As far as Islamic conferences go these days – whether ISNA, ICNA, Journey of Faith (JoF), and even RIS – the Global Peace and Unity (GPU) gathering in London (Oct. 23-24), was a success; assuming of course that success can be measured on the basis of a head count. Evidence that Muslims from across the UK and Europe flocked to the GPU in substantial numbers is a clear indication that they deemed irrelevant Prime Minister David Cameron’s opinion that the conference organizer, Islam Channel, facilitates violent extremism in the UK. Reduced to a footnote, unfortunately, is the fact that citizens of that country could afford the luxury of ignoring their PM’s opinion. Had the government of any predominant Muslim country censured a religious conference it would be inconceivable for it to ever take place. Modern day Islamic conferences follow one of two convention models: the evangelical or the political. Anyone who accessed GPU via live streaming video like I did would have witnessed something akin to a political rally decked out with religious paraphernalia, a wide variety of Muslim televangelists and an MC that was too darn perfect for the task.

Moazzem Begg

Regardless of who was speaking or what the message was, the MC egged on the crowd as they shouted pro-Palestinian slogans, waved flags, neon light swords and what appeared to be large gloves with something written on it. If a speaker was slow making his way to the stage, the MC filled the down time with annoying announcements, countless ‘takbirs’ accompanied by loud shouts of ‘Allahu Akbar’, all meant to keep the restless and often times unruly crowd engaged. It was a bizarre spectacle.

One speaker succinctly identified “solutions” to the malaise afflicting the Ummah. Muslim women, he warned, need to observe the hijab and music should be banned from Islamic circles. Zain Bikha’s performance was appropriately timed to follow his act. The audience soaked up both presentations with glee and applause.

Another speaker suggested that because a person could walk safely on the streets of Damascus at 2 am, while the same cannot be said of the cities of Europe and North America, is proof that Islamic law provides a better option to western decadence. The audience missed the absurdity of the comparison and obliviously cheered on.

Yet another speaker reeled off five scientific arguments to prove the divinity of the Quran. The Prophet of Islam could not have known this and since science can’t be wrong, he reasoned, the Quran must be the Word of God. The mob cheered inappropriately. Jeering would have been the right thing to do.

The tone changed dramatically when Dr. Tahir-ul-Qadri and Dr. Abdal Hakim Murad were introduced. Anyone vaguely familiar with either scholar is well aware that they have courageously denounced the idiocy that passes for religious doctrine in the thin circles of Al Qaeda and its affiliates. Dr. Tahir’s fatwa against terrorism and suicide bombing is a no ‘ifs’-and-‘buts’ condemnation of religious heresy in our age. Since GPU and Islam Channel are not his ‘cuppa tea’ what then was he doing at their event?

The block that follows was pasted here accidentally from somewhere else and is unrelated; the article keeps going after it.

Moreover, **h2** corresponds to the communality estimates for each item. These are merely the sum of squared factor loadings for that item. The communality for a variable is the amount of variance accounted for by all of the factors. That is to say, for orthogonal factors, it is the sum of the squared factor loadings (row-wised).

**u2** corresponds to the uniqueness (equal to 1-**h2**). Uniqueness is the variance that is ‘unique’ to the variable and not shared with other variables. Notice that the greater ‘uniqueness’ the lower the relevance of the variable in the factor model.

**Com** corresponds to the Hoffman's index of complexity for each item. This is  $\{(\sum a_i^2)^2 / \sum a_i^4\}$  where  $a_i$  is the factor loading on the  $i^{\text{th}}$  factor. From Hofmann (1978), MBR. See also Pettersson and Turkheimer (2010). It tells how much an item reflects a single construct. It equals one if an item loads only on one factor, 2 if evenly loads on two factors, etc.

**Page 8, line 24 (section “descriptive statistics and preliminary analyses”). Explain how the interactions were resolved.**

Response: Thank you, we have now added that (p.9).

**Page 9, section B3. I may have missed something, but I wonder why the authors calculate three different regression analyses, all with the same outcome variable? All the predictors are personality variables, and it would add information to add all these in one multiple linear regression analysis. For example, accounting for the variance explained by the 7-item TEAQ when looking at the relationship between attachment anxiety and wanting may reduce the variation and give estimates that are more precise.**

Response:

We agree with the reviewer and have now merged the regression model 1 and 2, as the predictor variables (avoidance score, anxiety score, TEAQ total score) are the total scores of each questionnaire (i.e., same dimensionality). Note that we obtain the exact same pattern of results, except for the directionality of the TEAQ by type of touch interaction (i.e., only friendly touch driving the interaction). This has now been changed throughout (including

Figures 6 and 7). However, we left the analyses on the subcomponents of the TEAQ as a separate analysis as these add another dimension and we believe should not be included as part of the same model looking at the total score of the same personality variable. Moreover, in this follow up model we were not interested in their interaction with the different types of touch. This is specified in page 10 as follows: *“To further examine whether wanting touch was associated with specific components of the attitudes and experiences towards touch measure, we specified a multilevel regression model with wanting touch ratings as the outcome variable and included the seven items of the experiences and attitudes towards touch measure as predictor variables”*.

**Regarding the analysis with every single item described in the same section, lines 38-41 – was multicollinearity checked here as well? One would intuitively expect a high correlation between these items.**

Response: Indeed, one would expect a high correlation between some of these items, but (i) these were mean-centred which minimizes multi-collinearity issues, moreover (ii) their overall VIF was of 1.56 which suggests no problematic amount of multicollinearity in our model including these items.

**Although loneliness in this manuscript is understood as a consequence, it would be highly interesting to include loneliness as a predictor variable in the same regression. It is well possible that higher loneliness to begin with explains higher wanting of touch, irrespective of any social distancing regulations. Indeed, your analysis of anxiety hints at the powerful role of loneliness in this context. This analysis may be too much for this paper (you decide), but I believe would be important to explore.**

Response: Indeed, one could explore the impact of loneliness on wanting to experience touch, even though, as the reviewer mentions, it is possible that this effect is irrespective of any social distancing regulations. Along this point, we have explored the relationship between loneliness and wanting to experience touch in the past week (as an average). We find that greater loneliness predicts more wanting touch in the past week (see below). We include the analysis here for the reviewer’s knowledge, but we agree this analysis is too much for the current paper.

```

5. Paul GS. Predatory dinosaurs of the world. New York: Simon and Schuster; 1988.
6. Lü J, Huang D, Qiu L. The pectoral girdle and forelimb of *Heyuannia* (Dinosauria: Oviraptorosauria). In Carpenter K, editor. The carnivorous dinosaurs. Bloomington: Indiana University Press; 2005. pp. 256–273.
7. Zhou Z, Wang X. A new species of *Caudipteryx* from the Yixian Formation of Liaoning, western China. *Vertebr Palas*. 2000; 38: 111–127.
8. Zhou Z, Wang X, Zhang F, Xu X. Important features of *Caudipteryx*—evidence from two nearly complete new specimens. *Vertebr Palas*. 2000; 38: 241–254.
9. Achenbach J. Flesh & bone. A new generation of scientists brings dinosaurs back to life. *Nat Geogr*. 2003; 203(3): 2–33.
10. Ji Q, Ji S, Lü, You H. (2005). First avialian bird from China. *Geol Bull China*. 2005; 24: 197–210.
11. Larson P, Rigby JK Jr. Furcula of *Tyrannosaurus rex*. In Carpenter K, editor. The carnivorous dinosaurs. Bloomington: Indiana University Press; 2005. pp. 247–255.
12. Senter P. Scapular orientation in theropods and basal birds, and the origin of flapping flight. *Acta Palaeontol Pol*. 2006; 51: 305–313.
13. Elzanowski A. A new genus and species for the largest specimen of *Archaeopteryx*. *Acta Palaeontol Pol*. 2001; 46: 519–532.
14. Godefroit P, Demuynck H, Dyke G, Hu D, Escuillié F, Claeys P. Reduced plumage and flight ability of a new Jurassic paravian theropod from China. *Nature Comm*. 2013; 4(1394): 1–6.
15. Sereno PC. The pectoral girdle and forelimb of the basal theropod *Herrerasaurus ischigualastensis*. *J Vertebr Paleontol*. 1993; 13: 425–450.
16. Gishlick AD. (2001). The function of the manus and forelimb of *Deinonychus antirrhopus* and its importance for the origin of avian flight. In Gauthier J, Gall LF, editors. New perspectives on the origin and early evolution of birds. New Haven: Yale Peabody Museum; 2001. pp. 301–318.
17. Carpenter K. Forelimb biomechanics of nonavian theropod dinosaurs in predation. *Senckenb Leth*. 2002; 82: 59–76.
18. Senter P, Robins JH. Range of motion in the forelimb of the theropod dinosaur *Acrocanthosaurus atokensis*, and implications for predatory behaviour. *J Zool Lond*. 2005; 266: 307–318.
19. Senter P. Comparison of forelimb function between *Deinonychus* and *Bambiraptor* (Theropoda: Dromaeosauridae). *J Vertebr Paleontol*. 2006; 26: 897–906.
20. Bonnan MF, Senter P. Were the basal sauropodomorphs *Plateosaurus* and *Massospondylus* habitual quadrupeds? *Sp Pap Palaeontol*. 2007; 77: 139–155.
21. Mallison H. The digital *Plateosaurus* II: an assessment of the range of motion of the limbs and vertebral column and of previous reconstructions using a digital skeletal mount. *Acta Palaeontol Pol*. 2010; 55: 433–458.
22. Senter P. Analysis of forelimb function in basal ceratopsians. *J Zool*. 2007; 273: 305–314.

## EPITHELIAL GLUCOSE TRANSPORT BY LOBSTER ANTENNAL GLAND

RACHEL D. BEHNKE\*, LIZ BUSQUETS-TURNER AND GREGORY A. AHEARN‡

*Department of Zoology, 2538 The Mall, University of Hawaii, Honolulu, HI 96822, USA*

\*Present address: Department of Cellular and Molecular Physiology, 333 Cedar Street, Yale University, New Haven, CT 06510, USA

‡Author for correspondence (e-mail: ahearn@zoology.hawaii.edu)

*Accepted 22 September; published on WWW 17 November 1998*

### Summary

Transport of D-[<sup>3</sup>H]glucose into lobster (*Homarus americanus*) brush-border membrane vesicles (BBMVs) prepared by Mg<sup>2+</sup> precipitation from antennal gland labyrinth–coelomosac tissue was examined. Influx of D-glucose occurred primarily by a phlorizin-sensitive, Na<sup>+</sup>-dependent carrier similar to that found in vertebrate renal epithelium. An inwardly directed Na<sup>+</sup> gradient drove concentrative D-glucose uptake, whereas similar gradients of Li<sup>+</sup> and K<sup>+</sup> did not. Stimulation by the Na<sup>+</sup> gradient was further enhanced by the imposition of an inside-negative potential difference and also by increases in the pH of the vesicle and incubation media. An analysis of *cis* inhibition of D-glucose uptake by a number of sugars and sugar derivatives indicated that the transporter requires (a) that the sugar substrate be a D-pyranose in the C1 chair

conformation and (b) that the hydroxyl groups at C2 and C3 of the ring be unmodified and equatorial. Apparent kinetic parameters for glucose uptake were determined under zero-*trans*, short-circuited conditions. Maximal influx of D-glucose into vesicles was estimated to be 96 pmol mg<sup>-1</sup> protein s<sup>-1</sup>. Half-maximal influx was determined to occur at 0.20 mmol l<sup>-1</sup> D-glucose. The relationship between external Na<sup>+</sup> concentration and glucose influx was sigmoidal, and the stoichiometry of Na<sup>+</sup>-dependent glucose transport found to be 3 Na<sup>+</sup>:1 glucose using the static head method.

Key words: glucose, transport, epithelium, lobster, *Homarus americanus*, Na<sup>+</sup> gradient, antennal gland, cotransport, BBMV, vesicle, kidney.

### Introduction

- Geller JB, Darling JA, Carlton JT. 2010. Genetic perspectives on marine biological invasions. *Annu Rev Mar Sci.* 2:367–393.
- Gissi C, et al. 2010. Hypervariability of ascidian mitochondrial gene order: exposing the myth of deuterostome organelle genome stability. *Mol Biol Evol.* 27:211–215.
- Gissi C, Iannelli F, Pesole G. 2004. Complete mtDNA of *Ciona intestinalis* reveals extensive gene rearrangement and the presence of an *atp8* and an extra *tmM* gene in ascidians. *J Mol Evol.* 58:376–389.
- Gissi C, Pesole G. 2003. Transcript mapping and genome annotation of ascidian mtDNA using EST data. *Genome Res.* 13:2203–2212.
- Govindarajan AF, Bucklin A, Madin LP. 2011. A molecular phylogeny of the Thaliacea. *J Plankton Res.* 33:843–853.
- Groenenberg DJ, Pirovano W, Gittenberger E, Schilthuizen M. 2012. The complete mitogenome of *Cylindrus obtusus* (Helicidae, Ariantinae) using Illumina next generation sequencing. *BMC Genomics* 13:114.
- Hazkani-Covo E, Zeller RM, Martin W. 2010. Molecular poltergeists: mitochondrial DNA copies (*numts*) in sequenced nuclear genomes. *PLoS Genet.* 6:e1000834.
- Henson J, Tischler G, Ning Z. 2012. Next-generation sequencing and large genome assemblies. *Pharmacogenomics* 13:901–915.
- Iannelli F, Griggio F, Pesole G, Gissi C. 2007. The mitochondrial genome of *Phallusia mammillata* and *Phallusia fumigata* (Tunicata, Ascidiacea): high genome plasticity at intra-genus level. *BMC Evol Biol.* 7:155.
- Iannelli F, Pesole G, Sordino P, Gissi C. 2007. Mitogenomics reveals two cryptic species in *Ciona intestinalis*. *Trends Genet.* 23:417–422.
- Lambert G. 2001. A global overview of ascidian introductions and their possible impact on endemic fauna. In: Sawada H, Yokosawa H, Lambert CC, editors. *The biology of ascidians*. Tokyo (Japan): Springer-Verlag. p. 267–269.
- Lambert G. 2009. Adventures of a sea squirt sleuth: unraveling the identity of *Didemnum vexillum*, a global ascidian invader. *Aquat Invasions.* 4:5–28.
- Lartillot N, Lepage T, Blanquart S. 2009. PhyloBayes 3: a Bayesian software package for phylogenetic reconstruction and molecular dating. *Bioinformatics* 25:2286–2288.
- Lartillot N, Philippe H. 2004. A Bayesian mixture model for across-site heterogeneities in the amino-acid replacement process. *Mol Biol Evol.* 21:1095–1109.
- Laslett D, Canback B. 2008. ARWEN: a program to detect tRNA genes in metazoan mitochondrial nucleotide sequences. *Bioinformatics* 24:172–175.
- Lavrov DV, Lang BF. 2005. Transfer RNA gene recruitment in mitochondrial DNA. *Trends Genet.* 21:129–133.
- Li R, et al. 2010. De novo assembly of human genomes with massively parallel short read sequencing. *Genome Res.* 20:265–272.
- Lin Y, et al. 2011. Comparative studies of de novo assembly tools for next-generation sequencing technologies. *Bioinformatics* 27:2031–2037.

Surprisingly, Dr. Tahir asked the audience for 30 minutes of their time signaling that his presentation was not going to be a four-hour epic performance. Alone at the podium, no disciples fussing over his seating arrangements, he stormed out of the gates from the get go. His message was eloquently articulate and as usual, extremely loud, leaving no doubt where the majority of Sunni Muslims stand on the issue of Jihad, violence, extremism, radicalism, suicide bombing and terrorism. There was none of the usual qualifiers particularly blaming Western foreign policy for bad tafsir and sharh. Vengeance, hate, and extremism, he pointed out, are the diseases of our age and the sooner Muslims expunge these malignant cancers from their souls, the quicker the healing.

At the risk of sounding redundant let me say I have an allergic reaction to conferences whether Muslim in character or not. I don’t believe they will or have ever accomplished anything. That’s not to say the vendors at GPU’s bazaar who paid £900 for the privilege of selling a few trinkets and some colorful hijabs didn’t recover their cost and then some. The food vendors too may have turned a handsome profit leaving behind a heap of garbage and some messy restrooms for low paying unionized workers to clean up.

Muslim conferences are the biggest public innovation (bid’a) of our age and I am amazed that the Salafis are so dazzled by them. Conferences call people to a venue that is not a mosque to listen to speakers who become the center of gravity for a few days. In the last 30 years of conferences in North America we’ve managed to produce a class of scholars who hop from one conference to another spouting the same old cliché-riddled incoherent speeches. Don’t get me wrong! There are some gems in this group.

I am not ashamed to say that my personal favorite going back to the early 1990’s has been and still is Shaykh Hamza Yusuf. That’s because he stands apart for never repeating a lecture twice except for those early years when he was determined to lead a ‘smash your television revolution’ armed with Jerry Mander and Robert Bly. That was a long time ago. To this day he remains original and engaging because he respects people who he believes deserve a hearty lecture in return for the money they paid to get in.